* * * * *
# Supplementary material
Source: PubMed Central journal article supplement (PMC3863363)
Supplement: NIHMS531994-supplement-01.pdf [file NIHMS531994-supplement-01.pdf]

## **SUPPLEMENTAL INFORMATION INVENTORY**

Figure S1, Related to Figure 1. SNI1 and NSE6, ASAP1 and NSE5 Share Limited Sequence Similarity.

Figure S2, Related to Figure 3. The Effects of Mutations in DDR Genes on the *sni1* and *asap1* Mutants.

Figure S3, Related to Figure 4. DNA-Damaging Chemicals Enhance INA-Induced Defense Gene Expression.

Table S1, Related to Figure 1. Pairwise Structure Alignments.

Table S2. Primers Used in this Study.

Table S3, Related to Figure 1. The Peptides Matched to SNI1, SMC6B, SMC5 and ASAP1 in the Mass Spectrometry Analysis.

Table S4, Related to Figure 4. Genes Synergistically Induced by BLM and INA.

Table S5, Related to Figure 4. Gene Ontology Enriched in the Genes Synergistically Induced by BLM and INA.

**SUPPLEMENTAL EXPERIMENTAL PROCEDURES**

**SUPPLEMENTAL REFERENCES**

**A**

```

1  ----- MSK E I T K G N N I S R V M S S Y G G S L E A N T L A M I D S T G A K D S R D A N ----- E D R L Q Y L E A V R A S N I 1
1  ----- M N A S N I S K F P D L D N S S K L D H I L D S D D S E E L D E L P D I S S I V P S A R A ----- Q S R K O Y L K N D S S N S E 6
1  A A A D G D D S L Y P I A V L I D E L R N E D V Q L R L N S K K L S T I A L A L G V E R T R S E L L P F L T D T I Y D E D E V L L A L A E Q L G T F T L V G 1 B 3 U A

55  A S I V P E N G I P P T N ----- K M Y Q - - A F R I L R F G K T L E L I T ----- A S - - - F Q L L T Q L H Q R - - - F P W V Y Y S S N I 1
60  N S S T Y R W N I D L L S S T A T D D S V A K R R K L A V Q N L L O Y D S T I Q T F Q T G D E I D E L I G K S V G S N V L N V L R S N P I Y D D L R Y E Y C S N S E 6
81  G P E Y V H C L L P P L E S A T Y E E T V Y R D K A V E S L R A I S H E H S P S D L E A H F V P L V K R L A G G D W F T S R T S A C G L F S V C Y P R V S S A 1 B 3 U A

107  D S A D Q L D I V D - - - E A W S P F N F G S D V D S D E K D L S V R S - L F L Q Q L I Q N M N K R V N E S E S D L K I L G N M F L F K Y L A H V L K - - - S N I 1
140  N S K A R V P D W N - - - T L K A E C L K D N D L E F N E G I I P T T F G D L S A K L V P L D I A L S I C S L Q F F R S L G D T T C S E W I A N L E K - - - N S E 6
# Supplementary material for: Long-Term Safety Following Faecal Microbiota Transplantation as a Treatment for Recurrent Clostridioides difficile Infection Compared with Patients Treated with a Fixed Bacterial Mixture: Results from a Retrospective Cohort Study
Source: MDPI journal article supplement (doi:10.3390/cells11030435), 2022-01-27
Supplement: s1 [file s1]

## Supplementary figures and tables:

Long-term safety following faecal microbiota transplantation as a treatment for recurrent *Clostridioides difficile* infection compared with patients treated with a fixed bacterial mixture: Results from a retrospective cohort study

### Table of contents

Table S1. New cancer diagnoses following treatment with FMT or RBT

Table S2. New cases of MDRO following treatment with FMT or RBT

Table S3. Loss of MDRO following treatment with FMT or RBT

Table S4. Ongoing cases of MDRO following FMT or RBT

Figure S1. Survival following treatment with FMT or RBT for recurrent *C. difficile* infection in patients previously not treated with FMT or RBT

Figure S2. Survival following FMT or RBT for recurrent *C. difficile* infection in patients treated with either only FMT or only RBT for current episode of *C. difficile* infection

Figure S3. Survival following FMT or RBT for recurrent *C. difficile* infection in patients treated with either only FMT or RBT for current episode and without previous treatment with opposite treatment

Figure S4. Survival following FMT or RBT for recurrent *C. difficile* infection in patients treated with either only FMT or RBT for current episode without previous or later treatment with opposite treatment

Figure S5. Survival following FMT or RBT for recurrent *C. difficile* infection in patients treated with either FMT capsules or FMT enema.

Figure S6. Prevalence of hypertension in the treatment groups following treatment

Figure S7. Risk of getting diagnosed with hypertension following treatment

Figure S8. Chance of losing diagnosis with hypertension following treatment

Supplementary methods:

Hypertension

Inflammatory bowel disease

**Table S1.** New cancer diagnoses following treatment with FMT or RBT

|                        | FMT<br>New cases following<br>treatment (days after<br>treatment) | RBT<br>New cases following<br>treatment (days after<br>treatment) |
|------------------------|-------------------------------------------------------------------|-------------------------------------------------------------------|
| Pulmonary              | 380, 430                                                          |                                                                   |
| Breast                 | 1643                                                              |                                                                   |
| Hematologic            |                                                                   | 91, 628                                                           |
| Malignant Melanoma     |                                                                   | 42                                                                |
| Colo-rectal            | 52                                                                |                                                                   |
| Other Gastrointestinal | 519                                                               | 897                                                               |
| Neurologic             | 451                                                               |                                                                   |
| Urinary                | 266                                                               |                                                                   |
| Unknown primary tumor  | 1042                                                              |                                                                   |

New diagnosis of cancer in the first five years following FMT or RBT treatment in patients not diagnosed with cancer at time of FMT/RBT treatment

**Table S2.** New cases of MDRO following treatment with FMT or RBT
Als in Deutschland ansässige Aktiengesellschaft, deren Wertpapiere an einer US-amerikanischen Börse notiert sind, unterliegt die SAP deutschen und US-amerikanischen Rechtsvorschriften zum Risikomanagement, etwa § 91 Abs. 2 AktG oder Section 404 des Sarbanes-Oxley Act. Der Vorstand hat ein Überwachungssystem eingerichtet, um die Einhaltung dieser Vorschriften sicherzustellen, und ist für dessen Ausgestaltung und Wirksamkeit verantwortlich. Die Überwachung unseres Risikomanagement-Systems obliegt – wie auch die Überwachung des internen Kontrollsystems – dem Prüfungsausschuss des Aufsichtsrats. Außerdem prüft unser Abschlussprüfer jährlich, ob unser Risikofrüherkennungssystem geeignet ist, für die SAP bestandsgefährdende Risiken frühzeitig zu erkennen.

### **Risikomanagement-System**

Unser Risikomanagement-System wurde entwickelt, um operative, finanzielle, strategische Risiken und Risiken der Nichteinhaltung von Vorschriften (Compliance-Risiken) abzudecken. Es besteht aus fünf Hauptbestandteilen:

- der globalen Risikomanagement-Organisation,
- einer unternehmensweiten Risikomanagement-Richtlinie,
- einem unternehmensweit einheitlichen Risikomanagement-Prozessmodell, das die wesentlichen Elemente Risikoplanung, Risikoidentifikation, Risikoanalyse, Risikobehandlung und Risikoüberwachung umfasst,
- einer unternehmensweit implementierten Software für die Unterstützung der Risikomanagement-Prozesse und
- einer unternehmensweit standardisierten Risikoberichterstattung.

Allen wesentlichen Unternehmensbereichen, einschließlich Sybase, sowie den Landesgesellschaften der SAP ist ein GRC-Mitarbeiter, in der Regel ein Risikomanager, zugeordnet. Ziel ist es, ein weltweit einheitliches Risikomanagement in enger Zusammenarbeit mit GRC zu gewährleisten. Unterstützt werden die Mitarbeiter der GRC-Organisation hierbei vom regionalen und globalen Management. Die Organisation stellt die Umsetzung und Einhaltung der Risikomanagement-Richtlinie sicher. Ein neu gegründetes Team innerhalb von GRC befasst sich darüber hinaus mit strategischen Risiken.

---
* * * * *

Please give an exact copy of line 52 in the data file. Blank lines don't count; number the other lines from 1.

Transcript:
| Malignant Melanoma     |                                                                   | 42                                                                |